Elyanne Kenney, junior psychology major

“Yes, I do. Because they give you important experiences for your future jobs that you wouldn’t have gotten otherwise had you not had the internship. You can gain experience to get said job by utilizing an internship that the employer can then know that you know what you are doing before they give you the job.”



Dr. Sarah Layman, dean of Education and Speech-Language Pathology

“We absolutely think internships are important. We’ve been doing them for our departments for a long time because our future teachers have their student teaching semester, where they have a full internship semester where they’re working with their mentor teacher. That’s experience that is real life with real kids every day for a semester long. We can’t substitute that learning experience that you get with the real kids in the classroom. And then our speech path majors get experiences in the John Morris Speech Clinic – same thing, it’s real life experience that they’re going to have for their future job.”


Caleb Smith, senior biology major

“Internships are a valuable way to gauge your interest in a future job or career path, and it’s a way that you can get your foot in the door at particular companies. So, in that way they are positive and important, and some are necessary. Now, in my experience because I started college around covid I didn’t know that internships were even a possibility, like that’s something that didn’t even enter my mind, and no one ever told me to look into – and I don’t think they existed during the covid period. So, I didn’t get to benefit from an internship when now I see lots of opportunities that I would’ve instantly signed up for and hoped to have done. I feel like I missed out on a lot of opportunities to learn more about myself because I didn’t have internship opportunities presented to me. But I guess what I’m also saying is that internships aren’t necessarily the only way. There’s a chance that simple jobs also fill the role of the internships, so it doesn’t necessarily have to be labeled internships.”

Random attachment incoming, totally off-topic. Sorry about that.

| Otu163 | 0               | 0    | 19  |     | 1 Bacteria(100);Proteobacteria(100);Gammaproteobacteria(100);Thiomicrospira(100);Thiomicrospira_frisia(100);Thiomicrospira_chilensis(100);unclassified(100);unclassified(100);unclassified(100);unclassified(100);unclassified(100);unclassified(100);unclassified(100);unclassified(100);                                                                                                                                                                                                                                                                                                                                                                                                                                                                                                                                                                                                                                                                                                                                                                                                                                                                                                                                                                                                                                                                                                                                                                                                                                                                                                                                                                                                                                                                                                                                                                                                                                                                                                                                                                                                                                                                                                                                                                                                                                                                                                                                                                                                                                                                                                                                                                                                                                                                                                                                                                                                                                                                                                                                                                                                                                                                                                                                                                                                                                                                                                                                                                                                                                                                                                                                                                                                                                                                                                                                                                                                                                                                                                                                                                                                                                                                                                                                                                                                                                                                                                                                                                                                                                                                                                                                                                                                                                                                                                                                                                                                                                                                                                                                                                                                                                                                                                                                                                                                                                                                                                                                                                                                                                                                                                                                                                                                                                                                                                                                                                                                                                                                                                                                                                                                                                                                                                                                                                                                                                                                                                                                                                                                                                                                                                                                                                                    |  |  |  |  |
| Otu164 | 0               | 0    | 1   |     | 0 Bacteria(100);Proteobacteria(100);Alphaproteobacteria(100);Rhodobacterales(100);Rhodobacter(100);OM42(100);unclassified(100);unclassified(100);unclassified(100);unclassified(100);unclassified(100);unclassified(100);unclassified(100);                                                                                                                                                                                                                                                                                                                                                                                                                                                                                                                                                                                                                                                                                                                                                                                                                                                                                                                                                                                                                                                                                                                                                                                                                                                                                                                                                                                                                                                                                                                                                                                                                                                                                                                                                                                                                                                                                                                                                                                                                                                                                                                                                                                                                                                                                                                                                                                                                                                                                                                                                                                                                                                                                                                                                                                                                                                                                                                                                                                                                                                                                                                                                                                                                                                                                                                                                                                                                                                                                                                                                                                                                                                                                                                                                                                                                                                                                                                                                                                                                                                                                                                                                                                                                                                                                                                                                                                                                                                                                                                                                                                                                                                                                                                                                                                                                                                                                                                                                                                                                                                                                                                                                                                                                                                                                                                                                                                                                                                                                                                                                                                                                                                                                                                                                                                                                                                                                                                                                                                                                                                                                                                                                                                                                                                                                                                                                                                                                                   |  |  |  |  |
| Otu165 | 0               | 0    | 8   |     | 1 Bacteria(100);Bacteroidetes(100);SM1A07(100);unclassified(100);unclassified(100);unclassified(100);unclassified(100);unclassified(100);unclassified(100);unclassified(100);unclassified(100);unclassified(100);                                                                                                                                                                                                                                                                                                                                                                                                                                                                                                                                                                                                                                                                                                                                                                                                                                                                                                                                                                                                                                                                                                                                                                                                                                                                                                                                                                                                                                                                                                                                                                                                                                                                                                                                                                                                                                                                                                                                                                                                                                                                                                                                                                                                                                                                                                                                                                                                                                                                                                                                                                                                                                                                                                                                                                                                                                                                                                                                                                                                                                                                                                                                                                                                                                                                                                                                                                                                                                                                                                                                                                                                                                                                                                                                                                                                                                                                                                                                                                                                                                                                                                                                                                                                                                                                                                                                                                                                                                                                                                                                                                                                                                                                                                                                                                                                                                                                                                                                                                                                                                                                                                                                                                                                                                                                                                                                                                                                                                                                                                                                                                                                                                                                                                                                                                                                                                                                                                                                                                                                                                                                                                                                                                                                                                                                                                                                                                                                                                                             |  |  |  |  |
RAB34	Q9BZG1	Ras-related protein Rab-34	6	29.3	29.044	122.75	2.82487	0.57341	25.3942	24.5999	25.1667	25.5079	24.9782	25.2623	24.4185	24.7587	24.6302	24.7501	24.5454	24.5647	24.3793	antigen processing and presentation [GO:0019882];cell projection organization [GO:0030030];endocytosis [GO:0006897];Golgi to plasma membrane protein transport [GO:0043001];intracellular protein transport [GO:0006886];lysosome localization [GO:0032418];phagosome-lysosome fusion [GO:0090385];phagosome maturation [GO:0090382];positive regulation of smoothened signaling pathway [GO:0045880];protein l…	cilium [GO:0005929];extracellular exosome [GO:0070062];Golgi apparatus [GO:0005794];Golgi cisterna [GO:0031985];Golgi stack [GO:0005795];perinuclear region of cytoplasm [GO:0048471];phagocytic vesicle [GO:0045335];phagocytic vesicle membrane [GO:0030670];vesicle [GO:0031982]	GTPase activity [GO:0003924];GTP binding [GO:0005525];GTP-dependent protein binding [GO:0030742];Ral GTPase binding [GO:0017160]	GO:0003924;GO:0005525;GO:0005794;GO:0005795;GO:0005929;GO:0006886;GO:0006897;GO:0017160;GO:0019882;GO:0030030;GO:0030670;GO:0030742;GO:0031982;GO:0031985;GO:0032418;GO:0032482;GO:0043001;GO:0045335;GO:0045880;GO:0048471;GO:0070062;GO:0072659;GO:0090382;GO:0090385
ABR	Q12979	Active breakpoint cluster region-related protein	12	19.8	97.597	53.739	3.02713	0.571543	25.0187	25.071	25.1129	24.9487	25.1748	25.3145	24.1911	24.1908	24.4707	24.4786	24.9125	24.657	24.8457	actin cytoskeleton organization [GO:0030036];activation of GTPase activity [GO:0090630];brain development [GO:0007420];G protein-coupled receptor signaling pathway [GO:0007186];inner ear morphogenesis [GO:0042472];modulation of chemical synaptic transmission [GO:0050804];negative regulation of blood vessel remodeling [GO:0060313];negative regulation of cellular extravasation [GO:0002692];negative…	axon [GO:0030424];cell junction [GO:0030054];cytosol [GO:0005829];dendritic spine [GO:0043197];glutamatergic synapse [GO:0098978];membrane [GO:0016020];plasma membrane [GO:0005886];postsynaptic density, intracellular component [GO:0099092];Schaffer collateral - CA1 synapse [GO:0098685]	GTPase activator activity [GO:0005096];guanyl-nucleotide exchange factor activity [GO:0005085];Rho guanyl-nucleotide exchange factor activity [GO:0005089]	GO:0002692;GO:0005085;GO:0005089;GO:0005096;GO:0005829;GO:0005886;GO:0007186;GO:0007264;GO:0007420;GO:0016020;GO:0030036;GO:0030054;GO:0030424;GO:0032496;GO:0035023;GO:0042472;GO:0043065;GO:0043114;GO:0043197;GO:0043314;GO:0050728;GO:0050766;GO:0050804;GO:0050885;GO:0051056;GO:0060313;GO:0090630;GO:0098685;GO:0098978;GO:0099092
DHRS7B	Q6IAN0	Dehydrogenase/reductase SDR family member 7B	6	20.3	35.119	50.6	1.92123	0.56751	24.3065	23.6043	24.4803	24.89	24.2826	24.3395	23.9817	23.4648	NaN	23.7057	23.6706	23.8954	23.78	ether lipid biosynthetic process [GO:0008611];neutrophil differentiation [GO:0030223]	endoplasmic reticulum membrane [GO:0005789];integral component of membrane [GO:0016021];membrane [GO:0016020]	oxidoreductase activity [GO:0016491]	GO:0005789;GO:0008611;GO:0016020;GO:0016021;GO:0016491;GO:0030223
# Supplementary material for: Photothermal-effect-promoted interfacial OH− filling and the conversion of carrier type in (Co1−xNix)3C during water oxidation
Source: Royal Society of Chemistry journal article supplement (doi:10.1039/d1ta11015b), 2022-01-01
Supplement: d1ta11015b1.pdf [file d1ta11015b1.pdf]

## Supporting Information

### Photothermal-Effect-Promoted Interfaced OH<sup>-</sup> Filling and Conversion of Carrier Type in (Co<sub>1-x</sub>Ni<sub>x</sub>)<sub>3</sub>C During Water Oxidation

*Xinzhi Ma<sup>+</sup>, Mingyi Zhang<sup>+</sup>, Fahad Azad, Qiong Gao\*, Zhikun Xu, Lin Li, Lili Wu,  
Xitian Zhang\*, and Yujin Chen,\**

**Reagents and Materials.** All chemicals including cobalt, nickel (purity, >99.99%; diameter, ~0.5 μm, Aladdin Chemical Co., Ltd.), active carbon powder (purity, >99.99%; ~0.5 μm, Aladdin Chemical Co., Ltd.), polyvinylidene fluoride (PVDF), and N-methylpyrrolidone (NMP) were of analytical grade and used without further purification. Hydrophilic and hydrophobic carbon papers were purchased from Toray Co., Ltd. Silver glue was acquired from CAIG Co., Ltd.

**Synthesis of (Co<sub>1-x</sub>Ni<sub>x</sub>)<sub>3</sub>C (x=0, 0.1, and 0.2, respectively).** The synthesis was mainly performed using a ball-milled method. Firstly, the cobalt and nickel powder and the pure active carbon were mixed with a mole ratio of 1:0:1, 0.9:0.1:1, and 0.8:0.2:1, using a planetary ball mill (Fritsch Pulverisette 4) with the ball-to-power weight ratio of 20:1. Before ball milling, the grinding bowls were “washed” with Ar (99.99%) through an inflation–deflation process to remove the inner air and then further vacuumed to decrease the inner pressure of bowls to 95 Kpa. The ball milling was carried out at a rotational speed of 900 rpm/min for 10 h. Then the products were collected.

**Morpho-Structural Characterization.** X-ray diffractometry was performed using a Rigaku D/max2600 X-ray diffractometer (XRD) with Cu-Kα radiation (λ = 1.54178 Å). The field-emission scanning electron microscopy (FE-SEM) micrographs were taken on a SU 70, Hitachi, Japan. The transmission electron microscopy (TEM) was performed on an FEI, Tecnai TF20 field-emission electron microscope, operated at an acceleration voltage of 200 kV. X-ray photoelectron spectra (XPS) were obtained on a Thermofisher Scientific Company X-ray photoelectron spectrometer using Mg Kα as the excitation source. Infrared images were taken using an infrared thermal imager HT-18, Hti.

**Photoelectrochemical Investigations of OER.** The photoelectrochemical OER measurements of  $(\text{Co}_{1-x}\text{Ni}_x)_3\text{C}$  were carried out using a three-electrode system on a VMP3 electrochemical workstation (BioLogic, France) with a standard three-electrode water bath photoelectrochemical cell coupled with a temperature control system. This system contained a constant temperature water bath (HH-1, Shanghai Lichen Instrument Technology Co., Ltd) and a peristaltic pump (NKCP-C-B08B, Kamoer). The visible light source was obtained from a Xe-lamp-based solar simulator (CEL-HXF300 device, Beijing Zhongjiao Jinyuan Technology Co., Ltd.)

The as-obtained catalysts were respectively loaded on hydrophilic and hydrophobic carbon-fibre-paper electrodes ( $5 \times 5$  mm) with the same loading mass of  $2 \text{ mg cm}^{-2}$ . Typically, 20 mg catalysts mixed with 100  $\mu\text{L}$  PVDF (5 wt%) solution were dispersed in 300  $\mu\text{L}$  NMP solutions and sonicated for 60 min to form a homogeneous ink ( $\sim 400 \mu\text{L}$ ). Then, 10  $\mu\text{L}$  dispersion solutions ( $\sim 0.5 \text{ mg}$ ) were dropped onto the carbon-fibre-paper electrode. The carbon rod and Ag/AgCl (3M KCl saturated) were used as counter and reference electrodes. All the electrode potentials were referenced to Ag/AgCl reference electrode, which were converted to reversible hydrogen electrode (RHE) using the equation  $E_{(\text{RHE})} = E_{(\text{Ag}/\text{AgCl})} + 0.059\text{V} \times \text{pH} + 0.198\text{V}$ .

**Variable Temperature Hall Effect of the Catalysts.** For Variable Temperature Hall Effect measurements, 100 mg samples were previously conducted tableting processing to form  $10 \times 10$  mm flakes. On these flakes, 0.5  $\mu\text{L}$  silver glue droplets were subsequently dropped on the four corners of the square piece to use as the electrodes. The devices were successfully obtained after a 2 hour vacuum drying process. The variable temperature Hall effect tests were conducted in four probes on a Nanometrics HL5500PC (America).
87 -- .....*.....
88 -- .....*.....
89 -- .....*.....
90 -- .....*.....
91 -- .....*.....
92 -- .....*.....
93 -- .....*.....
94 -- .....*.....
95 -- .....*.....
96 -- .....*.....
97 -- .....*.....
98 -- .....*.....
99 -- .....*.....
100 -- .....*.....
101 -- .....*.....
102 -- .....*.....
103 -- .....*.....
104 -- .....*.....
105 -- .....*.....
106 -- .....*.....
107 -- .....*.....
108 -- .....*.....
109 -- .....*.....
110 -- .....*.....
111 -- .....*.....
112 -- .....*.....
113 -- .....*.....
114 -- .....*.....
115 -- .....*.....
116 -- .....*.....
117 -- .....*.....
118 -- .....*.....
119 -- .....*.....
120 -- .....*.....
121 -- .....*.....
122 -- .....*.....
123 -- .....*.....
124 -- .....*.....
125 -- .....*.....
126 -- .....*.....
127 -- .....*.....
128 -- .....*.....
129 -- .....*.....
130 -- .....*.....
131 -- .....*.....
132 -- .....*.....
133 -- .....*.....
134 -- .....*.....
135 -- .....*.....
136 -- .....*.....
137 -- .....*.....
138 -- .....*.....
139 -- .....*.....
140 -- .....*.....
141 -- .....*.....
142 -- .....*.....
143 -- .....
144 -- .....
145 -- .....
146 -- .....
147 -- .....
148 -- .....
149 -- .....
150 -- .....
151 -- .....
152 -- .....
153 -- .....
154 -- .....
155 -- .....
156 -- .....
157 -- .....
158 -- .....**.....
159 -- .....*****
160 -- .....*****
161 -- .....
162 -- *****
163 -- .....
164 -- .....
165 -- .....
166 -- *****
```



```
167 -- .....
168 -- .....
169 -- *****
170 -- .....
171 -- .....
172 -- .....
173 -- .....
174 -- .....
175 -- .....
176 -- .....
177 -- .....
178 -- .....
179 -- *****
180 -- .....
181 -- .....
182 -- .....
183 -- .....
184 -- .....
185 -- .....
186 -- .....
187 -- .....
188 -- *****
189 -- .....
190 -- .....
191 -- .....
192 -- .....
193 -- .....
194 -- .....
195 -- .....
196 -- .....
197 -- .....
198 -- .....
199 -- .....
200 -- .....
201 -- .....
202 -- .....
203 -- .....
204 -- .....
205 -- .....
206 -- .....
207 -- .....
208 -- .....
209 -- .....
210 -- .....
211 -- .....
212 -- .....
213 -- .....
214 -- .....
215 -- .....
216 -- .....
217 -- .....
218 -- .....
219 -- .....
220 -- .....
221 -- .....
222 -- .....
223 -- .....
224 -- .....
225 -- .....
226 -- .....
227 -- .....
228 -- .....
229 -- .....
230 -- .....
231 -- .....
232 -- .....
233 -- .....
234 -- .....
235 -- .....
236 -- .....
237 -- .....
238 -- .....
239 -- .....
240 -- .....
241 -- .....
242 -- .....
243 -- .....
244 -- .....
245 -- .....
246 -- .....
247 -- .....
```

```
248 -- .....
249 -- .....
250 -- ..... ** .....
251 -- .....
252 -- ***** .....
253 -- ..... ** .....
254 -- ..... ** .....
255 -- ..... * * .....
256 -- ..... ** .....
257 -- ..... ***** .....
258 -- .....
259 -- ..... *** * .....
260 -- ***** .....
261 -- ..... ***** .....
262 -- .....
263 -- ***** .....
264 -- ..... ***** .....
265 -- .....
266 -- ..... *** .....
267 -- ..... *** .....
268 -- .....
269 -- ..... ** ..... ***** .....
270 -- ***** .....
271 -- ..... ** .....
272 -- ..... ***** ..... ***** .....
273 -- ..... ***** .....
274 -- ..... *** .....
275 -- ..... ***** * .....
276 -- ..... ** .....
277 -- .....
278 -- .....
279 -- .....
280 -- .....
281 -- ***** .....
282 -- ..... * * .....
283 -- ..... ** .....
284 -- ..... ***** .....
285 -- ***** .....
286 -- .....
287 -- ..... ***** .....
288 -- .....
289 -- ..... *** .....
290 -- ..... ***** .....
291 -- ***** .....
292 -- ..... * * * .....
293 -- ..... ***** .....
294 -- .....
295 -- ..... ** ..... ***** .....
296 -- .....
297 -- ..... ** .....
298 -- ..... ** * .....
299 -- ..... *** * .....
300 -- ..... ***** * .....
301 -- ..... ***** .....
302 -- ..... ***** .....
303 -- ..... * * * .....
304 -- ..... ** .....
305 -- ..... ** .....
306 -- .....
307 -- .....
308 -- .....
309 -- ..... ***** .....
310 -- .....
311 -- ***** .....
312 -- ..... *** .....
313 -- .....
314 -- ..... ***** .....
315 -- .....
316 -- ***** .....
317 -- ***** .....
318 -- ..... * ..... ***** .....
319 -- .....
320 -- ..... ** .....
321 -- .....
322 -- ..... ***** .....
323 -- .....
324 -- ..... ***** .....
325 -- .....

Jordan Vinyard, dean of Visual and Performing Arts

“Yes, I do think they’re important. I’m a big fan of any kind of experiential learning that we can facilitate for students. I would like to see that continuing to increase for our college community. The students that I have had go through that process have seemed to really benefit from it. So, yeah, I’m pro.”




Bella Wilson, junior business administration major

“I think they’re really important because there’s only so much you can learn in the classroom and from a book. I feel like having the actual experience of being there, even if you’re just observing somebody doing the practice, it’s super beneficial, because it’s hands-on and you can really get a feel for what the specific field you’re in is going to be like and decide from there if this is something I want to pursue or do I kind of want to go in a slightly different route, stuff like that. So, I think they’re super, super important.”



Emily Loughridge is a third-year communication major at the University of Science and Arts of Oklahoma.

Ray Thomas-Lapham
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About the Contributor
Emily Loughridge
Emily Loughridge, Editor-in-Chief
Emily is a fourth-year communication major from Union City. Emily is obtaining minors in psychology and liberal arts, as well. She has been on staff for The Trend since the fall of 2021 and loves working with the writers on ideas! Emily also works in the Sports Information Department on campus as the Student Assistant. When she isn't studying or working, Emily can normally be found watching Scrubs, Reba, or How I Met Your Mother and enjoying ice cream with her boyfriend.   Experience with The Trend: Editor-in-Chief: Dec. 2022 - present Managing Editor: May 2022 - Nov. 2022 Contributing Writer: Aug. 2021 - April 2022